Pigage was able to fall back on his own studies of antiquity during his trip to Italy in 1767/68. The connection between the archway and the aqueduct meets at the Roman Porta Maggiore and at the aqueduct of the Acqua Vergine. The tower's free floor could be inspired by medieval fortifications on Roman bridges. The models can be found in vedutas by Piranesi. The name of the Roman water fort did not appear until 1828.

Palladio Bridge ("Chinese Bridge")
The bridge in the rear, north-western area of ​​the garden, often referred to as “Chinese”, connects the French with the English part of the garden. The building actually goes back to a bridge design by the Renaissance architect Andrea Palladio, who worked in Veneto. The bridge has the popular nickname "Bridge of Lies", because anyone who stumbles on its irregular steps is said to have cheated before.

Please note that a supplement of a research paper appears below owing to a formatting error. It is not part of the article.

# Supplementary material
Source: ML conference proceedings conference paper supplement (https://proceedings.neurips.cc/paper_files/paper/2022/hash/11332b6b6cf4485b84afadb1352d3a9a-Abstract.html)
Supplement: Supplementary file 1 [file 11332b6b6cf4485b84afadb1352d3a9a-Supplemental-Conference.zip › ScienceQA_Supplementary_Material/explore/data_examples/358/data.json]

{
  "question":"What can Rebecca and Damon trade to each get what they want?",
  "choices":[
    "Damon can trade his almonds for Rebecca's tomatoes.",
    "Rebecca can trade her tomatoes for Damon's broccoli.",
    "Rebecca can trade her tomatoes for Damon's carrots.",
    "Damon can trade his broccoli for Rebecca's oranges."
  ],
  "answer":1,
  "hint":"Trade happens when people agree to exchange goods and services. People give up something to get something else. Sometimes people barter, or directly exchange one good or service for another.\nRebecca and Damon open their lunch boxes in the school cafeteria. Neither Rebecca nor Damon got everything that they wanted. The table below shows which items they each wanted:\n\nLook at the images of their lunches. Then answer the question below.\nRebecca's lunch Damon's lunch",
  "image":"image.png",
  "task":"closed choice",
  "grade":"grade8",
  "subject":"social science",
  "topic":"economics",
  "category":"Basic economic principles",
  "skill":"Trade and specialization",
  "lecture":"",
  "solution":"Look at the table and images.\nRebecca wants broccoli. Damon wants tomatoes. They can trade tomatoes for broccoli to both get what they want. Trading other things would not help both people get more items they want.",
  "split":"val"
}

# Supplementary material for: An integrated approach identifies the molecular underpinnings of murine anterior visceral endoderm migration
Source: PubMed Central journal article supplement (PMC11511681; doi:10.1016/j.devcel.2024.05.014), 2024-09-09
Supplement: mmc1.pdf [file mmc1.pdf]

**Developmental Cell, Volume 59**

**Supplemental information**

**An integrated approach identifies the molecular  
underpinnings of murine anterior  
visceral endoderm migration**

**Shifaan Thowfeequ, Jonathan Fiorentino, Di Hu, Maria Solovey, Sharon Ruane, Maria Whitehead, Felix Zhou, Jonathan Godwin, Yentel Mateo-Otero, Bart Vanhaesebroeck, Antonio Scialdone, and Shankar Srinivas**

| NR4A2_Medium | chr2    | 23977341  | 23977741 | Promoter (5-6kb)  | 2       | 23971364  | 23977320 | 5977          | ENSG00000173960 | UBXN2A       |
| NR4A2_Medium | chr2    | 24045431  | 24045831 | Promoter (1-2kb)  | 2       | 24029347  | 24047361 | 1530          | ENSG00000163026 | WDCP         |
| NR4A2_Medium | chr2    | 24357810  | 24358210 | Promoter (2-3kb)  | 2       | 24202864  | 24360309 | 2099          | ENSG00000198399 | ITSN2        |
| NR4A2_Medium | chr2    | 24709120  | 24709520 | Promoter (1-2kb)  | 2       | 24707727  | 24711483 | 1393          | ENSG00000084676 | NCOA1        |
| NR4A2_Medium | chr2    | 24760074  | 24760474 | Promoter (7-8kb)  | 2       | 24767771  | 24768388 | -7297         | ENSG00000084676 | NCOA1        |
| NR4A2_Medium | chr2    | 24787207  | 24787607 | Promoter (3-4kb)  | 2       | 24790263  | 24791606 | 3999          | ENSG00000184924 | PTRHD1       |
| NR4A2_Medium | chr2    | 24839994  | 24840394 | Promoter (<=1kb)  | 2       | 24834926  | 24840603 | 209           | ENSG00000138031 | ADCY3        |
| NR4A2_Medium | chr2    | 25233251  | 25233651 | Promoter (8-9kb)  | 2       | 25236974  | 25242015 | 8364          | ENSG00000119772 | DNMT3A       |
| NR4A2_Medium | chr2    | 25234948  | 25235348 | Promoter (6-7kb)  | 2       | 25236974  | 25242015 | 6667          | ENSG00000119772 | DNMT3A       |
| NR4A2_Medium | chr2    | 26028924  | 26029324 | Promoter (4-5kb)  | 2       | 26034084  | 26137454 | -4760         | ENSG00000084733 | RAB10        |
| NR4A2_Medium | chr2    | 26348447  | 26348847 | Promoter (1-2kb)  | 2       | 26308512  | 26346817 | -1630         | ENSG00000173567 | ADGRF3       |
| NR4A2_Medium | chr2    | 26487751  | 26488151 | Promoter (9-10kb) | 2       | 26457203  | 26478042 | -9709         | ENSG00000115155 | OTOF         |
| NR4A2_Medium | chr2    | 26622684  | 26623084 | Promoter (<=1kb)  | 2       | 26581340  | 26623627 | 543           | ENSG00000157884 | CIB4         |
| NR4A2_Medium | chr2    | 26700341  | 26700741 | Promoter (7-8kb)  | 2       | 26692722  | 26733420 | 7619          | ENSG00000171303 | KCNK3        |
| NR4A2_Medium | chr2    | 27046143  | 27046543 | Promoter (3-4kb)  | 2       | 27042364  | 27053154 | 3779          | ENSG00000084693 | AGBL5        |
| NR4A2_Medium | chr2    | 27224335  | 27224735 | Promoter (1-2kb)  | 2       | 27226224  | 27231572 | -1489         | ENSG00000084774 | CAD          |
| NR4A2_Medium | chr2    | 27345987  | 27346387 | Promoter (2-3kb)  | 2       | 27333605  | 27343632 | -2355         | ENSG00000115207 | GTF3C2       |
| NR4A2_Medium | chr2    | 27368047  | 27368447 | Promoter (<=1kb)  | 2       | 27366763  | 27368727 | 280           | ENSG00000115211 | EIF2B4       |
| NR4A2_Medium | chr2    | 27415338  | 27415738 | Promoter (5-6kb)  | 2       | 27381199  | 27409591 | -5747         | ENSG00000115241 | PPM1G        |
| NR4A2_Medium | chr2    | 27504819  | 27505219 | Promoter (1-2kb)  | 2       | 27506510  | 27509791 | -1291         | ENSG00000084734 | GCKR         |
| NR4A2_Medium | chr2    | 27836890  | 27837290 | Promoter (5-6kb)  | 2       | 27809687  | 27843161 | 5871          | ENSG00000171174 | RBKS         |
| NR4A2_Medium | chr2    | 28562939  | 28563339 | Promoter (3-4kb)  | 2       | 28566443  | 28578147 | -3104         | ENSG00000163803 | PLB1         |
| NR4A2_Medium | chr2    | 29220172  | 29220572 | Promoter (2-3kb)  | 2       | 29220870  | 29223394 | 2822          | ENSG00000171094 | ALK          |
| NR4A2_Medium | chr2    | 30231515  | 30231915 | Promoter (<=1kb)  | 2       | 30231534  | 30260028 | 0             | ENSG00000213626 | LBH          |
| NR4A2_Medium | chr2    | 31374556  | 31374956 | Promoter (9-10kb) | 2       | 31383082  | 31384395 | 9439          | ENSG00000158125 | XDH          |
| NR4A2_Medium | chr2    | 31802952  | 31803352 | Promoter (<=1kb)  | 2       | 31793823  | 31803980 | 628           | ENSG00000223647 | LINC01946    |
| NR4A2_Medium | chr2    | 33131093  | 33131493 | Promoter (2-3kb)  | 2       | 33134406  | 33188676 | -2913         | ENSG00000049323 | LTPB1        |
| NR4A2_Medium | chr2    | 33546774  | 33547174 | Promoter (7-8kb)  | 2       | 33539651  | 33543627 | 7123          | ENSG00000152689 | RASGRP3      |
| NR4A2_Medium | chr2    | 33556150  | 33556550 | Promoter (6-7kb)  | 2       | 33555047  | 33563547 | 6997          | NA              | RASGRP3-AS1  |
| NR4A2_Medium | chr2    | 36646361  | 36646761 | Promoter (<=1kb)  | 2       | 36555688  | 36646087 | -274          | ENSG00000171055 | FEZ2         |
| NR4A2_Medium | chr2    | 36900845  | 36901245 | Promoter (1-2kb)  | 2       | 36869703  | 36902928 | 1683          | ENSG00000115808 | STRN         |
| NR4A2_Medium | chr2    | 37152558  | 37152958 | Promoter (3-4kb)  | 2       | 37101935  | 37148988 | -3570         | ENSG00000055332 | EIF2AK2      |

Fountains and sculptures
In the palace garden there are more than 60 statues, busts and fountains from the 18th century. Most of the sculptures are copies, some of the originals are exhibited in the lapidarium of the orangery and in the southern circular building. Only some of the sculptures were created especially for Schwetzingen. In particular that of Peter Anton von Verschaffelt. Some statues, such as those by Gabriel de Grupello and Paul Egell, come from Mannheim, the Arion fountain originally stood in Lunéville. The statues and fountains were arranged more or less symmetrically, with a few deviations, especially in the district ground floor, at the mirror basin and at the Great Pond.


Climate change and lowering of the groundwater